The injured U.S. Marine Corps veteran was not able to speak, but his eyes showed clear recognition when his best friend — a 5-year-old Chihuahua mix named Pepper — was led into his Santa Maria hospital room.
Pepper also doubles as a service dog for Anthony Pearson, a 68-year-old Santa Maria resident who last week was still recovering from severe injuries he suffered when he was struck by a hit-and-run driver while riding his bicycle Feb. 28 near North Broadway and Roemer Way.
Pepper’s visit to Marian Regional Medical Center was just what the doctor ordered — literally — since a surgeon had to green-light the much-needed reunion facilitated by Santa Barbara County Animal Services.
Pearson hadn’t seen his dog since that rainy night two weeks before.
Reunions of owners and pets are typical at the shelter, but those within the walls of a hospital are far less common, according to Animal Control Officer Geoff Clinton, who made the visit happen in hopes that Pearson’s mental health could improve along the lines of his slow, physical recovery.
“Originally they were saying they didn’t think he was going to make it,” Clinton said of Pearson. “That’s the first time we’ve done something like that. I was happy that we were able to bring the dog over there. Pearson certainly must’ve been frightened.”
Pepper, who helps alert Pearson because he has hearing issues, was with Pearson when he was hit but, amazingly, was not injured during the collision, which is still under investigation.
Authorities are following up leads to find who struck a helmet-less Pearson about 11 p.m. as he traveled southbound on Broadway near Roemer Way. Santa Maria police traffic Sgt. Daniel Rios said the suspect vehicle is likely a small or midsized sedan that was weaving onto the shoulder.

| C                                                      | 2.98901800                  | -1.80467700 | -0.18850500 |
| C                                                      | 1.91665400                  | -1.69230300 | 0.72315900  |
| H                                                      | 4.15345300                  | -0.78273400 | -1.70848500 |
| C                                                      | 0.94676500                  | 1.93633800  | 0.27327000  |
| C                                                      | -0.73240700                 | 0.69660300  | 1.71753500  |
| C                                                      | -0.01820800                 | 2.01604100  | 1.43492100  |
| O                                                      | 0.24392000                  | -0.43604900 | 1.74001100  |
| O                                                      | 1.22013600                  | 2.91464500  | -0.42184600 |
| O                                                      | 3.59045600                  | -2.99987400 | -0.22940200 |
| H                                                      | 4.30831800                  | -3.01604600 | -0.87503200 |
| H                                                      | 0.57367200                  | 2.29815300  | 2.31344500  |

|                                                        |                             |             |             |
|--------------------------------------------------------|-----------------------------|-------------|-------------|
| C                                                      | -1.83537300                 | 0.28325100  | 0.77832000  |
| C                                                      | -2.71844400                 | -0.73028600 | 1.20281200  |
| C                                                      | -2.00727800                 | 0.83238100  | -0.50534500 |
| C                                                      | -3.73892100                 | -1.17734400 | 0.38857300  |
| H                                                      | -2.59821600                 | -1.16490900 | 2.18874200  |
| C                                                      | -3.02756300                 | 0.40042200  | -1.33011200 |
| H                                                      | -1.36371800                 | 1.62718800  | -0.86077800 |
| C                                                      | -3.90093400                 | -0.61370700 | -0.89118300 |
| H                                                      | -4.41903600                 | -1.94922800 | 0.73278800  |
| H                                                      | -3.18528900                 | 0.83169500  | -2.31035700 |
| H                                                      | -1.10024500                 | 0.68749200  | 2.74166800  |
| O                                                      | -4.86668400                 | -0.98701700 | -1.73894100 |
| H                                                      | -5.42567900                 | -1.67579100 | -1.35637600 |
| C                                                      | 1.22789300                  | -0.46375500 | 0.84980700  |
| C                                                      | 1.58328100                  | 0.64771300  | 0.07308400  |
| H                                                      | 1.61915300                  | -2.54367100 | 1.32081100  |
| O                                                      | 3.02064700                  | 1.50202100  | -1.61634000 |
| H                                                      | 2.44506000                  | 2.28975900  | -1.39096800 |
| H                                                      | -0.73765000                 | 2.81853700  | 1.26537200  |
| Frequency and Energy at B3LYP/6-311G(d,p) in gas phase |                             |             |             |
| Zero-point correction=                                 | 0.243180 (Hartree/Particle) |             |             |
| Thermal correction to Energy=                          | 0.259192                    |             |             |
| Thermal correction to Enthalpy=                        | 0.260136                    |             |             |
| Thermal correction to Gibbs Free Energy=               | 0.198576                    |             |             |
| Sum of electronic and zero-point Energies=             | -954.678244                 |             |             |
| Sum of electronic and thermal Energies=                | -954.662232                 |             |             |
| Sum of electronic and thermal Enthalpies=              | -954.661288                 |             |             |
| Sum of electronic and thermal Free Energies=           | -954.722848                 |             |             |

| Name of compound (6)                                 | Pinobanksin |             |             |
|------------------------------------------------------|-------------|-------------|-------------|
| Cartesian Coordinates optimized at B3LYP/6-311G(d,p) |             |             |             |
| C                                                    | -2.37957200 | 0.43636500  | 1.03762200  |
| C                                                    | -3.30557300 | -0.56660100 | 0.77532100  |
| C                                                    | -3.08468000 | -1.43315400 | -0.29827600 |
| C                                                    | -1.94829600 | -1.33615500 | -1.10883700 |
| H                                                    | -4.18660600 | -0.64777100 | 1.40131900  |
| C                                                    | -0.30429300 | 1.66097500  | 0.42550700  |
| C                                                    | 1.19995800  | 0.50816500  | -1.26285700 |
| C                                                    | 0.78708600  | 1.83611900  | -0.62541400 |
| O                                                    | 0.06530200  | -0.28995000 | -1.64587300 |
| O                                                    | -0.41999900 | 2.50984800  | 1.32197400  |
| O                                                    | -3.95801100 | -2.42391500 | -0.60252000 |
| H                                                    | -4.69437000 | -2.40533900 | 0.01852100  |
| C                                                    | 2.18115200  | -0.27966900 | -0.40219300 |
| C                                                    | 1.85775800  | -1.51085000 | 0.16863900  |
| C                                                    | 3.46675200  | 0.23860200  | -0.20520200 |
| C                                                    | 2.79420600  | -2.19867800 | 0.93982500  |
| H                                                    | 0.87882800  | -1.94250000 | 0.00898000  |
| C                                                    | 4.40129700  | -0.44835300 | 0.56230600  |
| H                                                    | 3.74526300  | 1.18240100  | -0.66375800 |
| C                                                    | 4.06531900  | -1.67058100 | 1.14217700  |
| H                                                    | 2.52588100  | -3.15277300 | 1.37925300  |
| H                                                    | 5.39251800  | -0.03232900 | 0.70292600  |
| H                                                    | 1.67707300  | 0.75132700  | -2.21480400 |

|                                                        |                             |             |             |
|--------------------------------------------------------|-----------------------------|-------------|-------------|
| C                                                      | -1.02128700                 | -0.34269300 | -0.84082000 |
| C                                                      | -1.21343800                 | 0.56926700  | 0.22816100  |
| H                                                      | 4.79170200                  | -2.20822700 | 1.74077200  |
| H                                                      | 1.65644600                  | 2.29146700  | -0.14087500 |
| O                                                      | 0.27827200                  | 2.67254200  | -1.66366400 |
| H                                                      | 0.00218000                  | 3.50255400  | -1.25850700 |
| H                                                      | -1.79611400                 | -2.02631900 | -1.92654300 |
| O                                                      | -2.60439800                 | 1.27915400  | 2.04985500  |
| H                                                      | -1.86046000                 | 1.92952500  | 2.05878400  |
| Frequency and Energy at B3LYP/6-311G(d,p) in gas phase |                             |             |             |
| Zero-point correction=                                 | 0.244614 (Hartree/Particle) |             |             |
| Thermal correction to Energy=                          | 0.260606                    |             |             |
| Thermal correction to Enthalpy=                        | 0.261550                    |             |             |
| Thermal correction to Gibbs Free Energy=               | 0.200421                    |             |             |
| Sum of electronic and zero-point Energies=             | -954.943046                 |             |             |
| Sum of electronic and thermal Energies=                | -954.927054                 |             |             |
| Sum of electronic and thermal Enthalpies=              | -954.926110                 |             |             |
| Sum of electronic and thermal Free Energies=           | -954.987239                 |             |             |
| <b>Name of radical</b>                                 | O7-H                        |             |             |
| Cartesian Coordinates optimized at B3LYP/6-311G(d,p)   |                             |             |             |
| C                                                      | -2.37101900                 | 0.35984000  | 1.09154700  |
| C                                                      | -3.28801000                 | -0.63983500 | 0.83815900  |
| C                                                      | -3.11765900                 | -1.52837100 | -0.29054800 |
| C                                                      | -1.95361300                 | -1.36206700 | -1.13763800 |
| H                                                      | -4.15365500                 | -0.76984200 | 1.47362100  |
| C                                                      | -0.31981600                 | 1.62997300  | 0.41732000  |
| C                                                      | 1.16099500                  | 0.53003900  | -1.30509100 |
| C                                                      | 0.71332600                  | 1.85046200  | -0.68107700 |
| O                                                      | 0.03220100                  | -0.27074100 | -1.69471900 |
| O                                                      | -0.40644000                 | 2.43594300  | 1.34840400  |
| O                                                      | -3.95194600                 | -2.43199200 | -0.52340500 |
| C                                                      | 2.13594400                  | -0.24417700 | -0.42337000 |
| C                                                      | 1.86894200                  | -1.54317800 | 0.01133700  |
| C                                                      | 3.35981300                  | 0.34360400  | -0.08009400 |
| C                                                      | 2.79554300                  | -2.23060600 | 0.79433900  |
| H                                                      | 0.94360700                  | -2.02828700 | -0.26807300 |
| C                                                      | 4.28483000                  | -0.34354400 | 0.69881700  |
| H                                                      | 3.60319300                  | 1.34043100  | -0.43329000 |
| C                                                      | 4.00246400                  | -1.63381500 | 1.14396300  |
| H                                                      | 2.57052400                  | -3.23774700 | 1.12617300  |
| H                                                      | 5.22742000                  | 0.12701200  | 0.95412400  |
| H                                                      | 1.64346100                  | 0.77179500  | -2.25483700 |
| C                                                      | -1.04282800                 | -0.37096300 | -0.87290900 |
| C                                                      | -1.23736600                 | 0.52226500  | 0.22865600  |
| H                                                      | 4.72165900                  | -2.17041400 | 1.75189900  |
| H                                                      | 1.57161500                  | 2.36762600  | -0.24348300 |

County Animal Services stepped in after the crash to care for Pepper and Pearson’s 5-year-old cat, Queenie, a typical practice after such an event, according to Rios.
“We always do what we can to secure them and obviously get them reunited with family members,” he said.
A recovering Pearson has since been transported to a veterans hospital in Los Angeles while animal services secures temporary foster homes for his pets — possibly closer to the new hospital — until Pearson can care for them again.
In the meantime, Clinton said he was encouraged by the service dog visit because it seemed to serve its purpose.
Pearson had been alert and mouthing silent words to an occupational therapist, who was able to relay the message that his pets were both OK.
Click here for more information about Santa Barbara County Animal Services, or call the Santa Maria office at 805.934.6119.